Tuesday, January 21, 2014

SimCell: Serious Games To Gain Deep Understanding Of Cellular Biology

Serious Games exploring the boundaries of what can be achieved within a game


Related posts:
Serious Games To Solve Mysteries And Learn The History Of Biology
Harvard Panel: Evolutionary Biology Looks At Videogames

John Krajewski is the president of a new indie startup located in Seattle, Strange Loop Games, leading the development on Strange Loop’s current titles, among them a suite of Educational Serious Games for tablet on a variety of subjects such as biology and math. 

Strange Loop’s goal is to create games that use the massive power of today’s video-game hardware for gameplay, not just graphics. They aim to use deep, interactive simulations to create gameplay that wouldn’t be possible on hardware five or ten years ago. Their engine is custom built and specializes in physics and fluid simulation.

Prior to founding Strange Loop, he was Lead AI Programmer at Electronic Arts Australia, designing and developing AI systems for open world games.  His portfolio of games includes 'Lord of the Rings: Fellowship of the Ring', 'The Suffering', and 'Destroy All Humans'. 

SimCell is one of Strange Loop’s titles. The game puts you in control of a nanobot, tasked with entering a human cell and repairing and protecting it from the inside, using the cell's own organelles.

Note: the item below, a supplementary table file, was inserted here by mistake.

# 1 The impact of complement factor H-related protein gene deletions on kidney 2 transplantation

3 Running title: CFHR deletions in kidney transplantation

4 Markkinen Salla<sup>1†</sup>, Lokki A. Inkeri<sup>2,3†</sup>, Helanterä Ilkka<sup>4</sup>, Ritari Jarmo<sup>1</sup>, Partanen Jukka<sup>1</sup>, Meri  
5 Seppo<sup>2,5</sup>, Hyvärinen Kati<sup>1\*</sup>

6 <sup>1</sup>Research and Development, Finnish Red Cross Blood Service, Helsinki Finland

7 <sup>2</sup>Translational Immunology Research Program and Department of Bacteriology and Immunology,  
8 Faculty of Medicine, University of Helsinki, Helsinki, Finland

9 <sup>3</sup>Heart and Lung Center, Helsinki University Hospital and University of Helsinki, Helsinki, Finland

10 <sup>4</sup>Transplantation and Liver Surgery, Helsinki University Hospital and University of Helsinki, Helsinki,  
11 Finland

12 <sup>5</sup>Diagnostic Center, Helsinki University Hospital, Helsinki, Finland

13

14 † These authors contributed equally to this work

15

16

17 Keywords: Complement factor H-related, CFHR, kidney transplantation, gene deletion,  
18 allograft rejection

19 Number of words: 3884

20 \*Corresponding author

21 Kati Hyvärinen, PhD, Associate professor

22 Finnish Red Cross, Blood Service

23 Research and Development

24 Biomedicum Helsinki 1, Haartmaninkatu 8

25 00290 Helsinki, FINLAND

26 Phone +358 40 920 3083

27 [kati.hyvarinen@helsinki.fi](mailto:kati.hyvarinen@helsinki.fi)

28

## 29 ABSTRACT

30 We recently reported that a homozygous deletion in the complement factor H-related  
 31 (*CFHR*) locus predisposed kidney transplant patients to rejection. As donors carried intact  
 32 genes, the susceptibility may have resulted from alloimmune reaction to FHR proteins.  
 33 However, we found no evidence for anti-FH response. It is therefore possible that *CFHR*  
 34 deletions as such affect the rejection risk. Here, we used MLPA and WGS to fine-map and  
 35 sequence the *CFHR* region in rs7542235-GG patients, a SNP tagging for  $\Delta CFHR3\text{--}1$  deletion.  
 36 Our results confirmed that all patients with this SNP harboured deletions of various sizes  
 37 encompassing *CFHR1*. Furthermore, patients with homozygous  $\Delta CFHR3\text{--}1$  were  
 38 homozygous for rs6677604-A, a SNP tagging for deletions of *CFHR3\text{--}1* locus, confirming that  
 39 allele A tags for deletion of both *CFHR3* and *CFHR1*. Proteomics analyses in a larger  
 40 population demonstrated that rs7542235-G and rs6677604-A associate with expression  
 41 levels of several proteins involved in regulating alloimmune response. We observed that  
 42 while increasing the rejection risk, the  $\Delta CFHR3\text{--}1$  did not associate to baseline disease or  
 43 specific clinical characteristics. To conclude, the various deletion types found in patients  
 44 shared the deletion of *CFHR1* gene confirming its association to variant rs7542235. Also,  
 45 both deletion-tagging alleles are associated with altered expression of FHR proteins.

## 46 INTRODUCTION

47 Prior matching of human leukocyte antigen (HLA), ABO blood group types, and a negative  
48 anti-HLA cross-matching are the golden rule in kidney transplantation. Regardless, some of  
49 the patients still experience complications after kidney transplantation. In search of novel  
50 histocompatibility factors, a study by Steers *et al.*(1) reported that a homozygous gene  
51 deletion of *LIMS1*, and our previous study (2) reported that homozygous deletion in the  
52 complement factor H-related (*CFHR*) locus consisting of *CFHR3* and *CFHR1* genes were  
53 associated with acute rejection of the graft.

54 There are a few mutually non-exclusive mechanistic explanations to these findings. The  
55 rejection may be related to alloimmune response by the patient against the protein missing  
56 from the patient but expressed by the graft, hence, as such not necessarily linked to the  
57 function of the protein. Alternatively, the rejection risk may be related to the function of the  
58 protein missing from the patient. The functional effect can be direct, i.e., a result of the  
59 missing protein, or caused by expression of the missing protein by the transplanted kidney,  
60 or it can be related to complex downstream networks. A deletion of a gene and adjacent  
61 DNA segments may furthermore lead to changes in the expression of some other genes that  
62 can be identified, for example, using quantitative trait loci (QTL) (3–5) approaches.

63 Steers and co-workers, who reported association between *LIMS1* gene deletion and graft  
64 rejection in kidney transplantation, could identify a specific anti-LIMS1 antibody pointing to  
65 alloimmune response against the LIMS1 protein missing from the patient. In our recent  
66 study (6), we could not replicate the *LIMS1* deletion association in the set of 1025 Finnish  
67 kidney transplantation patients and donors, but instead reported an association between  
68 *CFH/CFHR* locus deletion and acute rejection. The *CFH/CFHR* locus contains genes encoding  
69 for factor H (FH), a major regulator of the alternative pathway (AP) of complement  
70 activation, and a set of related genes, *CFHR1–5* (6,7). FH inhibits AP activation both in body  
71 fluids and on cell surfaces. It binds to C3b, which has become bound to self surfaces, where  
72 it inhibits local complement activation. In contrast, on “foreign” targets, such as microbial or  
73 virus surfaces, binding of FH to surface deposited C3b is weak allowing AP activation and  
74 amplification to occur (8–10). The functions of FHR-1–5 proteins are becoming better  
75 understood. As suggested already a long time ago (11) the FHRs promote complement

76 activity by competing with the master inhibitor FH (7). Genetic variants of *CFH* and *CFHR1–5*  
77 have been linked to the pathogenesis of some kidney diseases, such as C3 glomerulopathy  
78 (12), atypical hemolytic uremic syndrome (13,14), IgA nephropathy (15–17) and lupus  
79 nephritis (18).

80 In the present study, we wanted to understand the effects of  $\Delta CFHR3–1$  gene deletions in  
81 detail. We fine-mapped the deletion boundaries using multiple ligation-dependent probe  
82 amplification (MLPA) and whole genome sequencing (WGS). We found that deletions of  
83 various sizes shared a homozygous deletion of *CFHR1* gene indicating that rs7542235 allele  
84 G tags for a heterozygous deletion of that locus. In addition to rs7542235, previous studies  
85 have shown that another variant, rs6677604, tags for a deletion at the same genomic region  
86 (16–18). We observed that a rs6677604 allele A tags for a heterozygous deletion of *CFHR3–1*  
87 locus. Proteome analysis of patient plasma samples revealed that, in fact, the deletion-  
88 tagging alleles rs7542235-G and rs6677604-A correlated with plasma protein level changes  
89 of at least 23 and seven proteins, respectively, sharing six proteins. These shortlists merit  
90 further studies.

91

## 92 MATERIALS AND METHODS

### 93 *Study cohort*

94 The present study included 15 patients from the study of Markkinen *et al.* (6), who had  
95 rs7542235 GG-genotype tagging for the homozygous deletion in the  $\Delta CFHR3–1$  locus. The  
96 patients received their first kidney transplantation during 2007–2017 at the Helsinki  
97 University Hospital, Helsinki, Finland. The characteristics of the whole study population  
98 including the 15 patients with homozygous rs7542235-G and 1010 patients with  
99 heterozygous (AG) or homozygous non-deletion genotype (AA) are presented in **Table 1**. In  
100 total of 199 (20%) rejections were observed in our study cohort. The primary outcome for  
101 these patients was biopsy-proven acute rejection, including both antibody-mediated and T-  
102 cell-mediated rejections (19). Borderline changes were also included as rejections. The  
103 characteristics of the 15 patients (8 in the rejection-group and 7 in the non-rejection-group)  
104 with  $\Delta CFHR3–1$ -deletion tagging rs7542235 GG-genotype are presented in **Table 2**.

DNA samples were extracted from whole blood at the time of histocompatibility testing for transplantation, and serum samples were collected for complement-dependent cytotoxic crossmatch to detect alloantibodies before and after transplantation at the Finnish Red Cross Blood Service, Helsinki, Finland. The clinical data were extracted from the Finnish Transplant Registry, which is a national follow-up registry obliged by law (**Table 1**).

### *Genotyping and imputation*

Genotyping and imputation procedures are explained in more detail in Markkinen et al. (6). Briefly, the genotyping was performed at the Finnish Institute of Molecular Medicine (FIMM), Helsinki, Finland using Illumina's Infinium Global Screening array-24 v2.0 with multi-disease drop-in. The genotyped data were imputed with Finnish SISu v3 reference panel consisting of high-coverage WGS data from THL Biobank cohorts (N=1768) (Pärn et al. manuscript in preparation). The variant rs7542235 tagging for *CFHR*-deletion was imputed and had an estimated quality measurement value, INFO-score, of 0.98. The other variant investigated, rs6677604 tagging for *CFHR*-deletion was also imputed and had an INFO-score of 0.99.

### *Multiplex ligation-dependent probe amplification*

Within the game, players find systems built to reflect actual scientific information about the cell, and must investigate and understand it in order to complete their mission of saving the cell from a virus invasion.


Creating A Context Where Players Are In Control Of Their Learning

The first step in understanding the game is by scanning the surroundings. Every object large and small can be scanned in SimCell, and through this mechanic the player comes to understand both the mechanics of the game and the mechanics of cell biology (which in the game are the same).



Scanning and following directions is critical to building players’ understanding, but it not enough to complete the game; they must make discoveries using this information, putting together the puzzle pieces to cause a desired effect. Scanned objects will explain how they work individually, but it is on the player to fit these explanations into a common framework among all the objects of the cell, connecting the dots and constructing for themselves the very processes that cells use to function.

By bringing this multi-faceted approach to learning (allowing the player first to pull information and then requiring them to fuse the ideas in their head), SimCell creates a context where players are in control of their learning and the answers they find are answers that they themselves sought out.